A doubled-haploid barley population was developed by the North American Barley Genome Mapping Project (Tinker *et al*. 1996). Each genotype was replicated ∼25 times. QTL were mapped for seven agronomic traits. On average, there were three to six QTL contributing to the genetic variance of each trait. The results were quite reliable due to the relatively dense marker map, the reasonable sample size, and, more importantly, the large number of replications. Because of this, the data set has been analyzed many times by various investigators to test new statistical models (Xu 2003a; Yi *et al*. 2003a,b; Zhang *et al*. 2005; Xu 2007). However, epistatic effects have not been tested in this barley population for all the traits recorded in the experiment. Xu (2007) analyzed only the trait kernel weight (KWT) to demonstrate the application of the empirical Bayes method. No general conclusion was made in that study. We conducted a genomewide analysis of epistatic effects for all the traits using the new method (Xu 2007). The genomewide analysis employed was a true multiple-effect analysis that required no variable selection. All markers and marker pairs were included in a single model and their effects were estimated simultaneously. Since the genome coverage of the markers was quite high, no QTL or QTL pairs would be missed. The results are reliable so that conclusions can be made inclusively about the relative importance of epistasis in the genetic variance of quantitative traits.

## MATERIALS AND METHODS

#### Experimental population:

Data were retrieved from the North American Barley Genome Mapping Project (NABGMP) website (http://gnome.agrenv.mcgill.ca/). The experimental design and results were reported by Tinker *et al*. (1996). For the article to be self-contained, the experiment is briefly described here. The population consisted of 145 doubled-haploid (DH) lines of a cross between two related Canadian two-row barley lines, Harrington and TR306. The cross was made by the NABGMP to (1) construct a molecular marker map and (2) locate QTL that affect traits of economic importance. These DH lines were evaluated in 25 replications (environments) for seven quantitative traits: heading (HED), height (HGT), KWT, lodging (LDG), maturity (MAT), test weight (TWT), and yield (YLD). The number of replicates for an individual trait varied from 15 to 29 with an average of 25. The map consisted of 127 markers (mostly RFLPs) distributed over seven chromosomes with an average marker interval of 10.5 cM. The genome coverage of the markers was 1270 cM in length. Tinker *et al*. (1996) identified, on average, three to six QTL per trait, collectively explaining 35–50% of the genetic variance. None of the traits were controlled by a major QTL. Some QTL had interaction effects with the environments, but many showed effects that were consistent across environments. Epistatic effects were not investigated in the original study.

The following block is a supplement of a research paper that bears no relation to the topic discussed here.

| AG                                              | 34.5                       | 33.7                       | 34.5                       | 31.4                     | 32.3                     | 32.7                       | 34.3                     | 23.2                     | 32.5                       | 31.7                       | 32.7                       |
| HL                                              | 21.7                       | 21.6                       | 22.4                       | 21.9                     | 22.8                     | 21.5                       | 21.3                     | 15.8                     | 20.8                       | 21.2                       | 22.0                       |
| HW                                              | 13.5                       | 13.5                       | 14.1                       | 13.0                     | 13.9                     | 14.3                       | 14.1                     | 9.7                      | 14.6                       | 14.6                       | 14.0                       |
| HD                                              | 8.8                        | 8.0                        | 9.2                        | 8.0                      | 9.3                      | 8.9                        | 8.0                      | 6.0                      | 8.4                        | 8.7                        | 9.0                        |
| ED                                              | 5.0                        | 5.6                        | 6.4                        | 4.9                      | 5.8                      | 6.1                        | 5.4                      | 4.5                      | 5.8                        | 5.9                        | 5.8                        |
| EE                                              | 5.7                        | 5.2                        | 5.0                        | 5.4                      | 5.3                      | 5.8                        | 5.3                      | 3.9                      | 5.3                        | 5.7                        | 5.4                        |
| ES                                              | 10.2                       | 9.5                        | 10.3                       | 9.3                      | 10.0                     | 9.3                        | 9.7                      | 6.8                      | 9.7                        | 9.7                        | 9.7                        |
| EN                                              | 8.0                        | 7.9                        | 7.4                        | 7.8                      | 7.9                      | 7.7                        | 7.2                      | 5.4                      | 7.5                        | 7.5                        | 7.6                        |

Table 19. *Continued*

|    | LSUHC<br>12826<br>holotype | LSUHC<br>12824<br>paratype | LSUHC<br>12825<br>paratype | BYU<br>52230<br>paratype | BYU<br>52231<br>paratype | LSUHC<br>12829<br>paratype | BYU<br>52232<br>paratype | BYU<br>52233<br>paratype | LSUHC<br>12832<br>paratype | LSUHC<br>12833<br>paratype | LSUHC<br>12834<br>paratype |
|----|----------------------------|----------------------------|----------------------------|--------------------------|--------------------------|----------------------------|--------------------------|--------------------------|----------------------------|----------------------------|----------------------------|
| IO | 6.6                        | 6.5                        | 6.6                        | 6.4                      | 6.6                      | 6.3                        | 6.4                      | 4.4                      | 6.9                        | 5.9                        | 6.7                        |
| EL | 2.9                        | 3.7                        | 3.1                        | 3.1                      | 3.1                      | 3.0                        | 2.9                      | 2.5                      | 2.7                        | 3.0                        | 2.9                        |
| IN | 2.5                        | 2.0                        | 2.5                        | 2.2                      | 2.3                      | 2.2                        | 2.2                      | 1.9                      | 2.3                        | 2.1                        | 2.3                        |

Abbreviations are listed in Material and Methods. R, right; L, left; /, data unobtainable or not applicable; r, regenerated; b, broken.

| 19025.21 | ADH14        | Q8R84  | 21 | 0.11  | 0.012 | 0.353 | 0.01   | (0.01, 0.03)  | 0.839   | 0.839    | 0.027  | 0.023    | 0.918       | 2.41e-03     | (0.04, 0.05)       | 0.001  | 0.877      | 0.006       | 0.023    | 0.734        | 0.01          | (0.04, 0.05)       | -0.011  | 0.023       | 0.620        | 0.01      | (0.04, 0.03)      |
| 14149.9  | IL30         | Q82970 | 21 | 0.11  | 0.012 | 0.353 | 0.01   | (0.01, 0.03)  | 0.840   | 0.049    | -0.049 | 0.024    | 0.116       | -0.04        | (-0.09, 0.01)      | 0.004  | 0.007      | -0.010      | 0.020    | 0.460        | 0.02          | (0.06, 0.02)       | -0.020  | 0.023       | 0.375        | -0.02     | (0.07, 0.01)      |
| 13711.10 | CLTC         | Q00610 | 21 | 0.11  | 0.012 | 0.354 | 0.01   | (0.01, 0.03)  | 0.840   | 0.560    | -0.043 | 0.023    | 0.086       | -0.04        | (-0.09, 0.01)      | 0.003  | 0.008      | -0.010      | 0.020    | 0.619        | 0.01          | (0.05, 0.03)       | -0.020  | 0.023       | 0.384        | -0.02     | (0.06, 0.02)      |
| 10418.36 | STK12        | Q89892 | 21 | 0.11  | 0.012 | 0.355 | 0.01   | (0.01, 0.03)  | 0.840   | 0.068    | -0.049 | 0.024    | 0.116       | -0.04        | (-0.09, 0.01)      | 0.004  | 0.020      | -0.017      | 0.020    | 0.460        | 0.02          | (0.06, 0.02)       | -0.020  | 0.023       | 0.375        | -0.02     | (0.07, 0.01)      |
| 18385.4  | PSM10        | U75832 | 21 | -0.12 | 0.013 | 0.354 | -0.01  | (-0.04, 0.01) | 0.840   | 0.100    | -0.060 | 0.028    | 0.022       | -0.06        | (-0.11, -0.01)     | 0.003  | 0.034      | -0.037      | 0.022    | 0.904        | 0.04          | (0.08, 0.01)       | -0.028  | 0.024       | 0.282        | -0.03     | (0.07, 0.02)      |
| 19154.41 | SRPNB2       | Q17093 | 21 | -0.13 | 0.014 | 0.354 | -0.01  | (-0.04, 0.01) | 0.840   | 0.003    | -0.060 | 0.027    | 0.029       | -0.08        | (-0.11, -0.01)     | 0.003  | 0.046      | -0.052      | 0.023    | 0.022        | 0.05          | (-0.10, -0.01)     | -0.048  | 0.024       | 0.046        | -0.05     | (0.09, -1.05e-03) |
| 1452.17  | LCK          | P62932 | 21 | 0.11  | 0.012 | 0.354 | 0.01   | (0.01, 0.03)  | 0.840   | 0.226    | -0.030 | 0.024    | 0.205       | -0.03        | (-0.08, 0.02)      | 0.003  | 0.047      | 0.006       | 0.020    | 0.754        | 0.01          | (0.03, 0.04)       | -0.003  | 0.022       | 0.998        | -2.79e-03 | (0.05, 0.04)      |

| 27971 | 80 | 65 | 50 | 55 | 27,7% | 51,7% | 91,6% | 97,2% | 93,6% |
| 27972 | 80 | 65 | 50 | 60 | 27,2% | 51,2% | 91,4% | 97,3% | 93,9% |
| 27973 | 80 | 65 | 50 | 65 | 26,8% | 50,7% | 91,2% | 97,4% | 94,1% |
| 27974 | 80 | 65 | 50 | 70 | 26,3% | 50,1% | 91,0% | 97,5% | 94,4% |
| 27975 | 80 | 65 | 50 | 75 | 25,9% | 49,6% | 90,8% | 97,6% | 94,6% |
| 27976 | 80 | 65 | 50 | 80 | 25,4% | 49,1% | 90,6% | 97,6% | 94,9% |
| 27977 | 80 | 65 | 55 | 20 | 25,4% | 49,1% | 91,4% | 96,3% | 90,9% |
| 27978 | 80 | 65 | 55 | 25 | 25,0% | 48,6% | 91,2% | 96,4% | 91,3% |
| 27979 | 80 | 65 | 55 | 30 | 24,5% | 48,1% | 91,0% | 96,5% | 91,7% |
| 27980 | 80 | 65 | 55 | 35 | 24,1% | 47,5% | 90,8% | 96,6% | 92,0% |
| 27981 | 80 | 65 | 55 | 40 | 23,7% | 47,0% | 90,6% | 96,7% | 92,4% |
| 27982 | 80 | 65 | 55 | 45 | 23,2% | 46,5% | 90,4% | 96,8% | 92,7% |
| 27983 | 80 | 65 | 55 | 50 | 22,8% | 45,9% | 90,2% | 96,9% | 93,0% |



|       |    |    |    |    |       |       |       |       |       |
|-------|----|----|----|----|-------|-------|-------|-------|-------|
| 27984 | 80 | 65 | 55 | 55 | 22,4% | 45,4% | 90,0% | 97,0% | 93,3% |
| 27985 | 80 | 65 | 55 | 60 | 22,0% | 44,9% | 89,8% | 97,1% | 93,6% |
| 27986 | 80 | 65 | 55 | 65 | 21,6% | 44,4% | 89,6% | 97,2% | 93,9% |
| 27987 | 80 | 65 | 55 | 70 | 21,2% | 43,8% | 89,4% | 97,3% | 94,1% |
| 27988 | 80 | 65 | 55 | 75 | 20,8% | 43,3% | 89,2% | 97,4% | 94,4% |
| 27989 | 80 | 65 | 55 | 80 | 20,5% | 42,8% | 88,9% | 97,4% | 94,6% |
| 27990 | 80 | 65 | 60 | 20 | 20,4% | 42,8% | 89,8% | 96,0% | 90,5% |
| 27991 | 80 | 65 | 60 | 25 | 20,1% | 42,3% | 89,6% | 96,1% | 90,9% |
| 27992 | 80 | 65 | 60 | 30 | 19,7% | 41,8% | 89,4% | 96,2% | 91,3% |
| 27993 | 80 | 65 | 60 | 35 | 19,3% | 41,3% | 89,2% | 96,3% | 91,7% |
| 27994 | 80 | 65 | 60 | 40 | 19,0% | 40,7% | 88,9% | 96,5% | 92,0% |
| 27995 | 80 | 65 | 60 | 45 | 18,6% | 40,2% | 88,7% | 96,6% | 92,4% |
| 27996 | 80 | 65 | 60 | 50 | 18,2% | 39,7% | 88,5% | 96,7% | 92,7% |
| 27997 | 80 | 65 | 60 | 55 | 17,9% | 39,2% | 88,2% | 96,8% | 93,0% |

The purpose of this analysis was to conduct a genomewide investigation on the epistatic effects for the seven traits. For simplicity, we took the average phenotypic value of each line across the environments as the input phenotype for that line. Because of the large number of replicates, the average phenotypic value of each line approximately represents the genotypic value of that line. All QTL detected would represent those showing consistent effects across environments. The genotype of each marker was coded as for the TR306 allele and for the Harrington allele. A missing genotype was coded as 0. There were ∼4.9% of the marker genotypes with missing values.

#### Statistical analysis: